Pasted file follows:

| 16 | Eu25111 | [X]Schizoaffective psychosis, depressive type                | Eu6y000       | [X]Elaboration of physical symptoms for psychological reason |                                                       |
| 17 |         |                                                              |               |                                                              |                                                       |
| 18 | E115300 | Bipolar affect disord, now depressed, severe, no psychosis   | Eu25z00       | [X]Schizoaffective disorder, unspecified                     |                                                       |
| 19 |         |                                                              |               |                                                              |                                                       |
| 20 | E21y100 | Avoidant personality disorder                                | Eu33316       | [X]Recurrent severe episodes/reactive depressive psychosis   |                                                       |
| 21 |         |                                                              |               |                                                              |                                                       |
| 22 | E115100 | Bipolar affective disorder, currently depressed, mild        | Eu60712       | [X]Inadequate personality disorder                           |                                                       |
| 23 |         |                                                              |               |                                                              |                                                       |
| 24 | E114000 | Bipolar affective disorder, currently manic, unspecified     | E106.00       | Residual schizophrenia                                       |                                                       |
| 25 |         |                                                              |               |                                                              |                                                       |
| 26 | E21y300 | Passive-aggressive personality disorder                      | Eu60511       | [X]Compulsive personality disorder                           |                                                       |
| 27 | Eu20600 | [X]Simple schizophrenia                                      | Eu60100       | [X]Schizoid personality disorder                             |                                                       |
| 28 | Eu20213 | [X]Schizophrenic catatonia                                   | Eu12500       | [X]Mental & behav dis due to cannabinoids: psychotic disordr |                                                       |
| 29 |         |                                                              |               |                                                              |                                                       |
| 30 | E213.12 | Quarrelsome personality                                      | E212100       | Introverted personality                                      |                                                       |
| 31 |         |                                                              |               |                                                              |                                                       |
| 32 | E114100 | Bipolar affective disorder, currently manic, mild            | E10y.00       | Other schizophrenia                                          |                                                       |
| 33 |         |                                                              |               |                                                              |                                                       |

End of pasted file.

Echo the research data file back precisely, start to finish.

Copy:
| 16 | Eu25111 | [X]Schizoaffective psychosis, depressive type                | Eu6y000       | [X]Elaboration of physical symptoms for psychological reason |                                                       |
| 17 |         |                                                              |               |                                                              |                                                       |
| 18 | E115300 | Bipolar affect disord, now depressed, severe, no psychosis   | Eu25z00       | [X]Schizoaffective disorder, unspecified                     |                                                       |
| 19 |         |                                                              |               |                                                              |                                                       |
| 20 | E21y100 | Avoidant personality disorder                                | Eu33316       | [X]Recurrent severe episodes/reactive depressive psychosis   |                                                       |
| 21 |         |                                                              |               |                                                              |                                                       |
| 22 | E115100 | Bipolar affective disorder, currently depressed, mild        | Eu60712       | [X]Inadequate personality disorder                           |                                                       |
| 23 |         |                                                              |               |                                                              |                                                       |
| 24 | E114000 | Bipolar affective disorder, currently manic, unspecified     | E106.00       | Residual schizophrenia                                       |                                                       |
| 25 |         |                                                              |               |                                                              |                                                       |
| 26 | E21y300 | Passive-aggressive personality disorder                      | Eu60511       | [X]Compulsive personality disorder                           |                                                       |
| 27 | Eu20600 | [X]Simple schizophrenia                                      | Eu60100       | [X]Schizoid personality disorder                             |                                                       |
| 28 | Eu20213 | [X]Schizophrenic catatonia                                   | Eu12500       | [X]Mental & behav dis due to cannabinoids: psychotic disordr |                                                       |
| 29 |         |                                                              |               |                                                              |                                                       |
| 30 | E213.12 | Quarrelsome personality                                      | E212100       | Introverted personality                                      |                                                       |
| 31 |         |                                                              |               |                                                              |                                                       |
| 32 | E114100 | Bipolar affective disorder, currently manic, mild            | E10y.00       | Other schizophrenia                                          |                                                       |
| 33 |         |                                                              |               |                                                              |                                                       |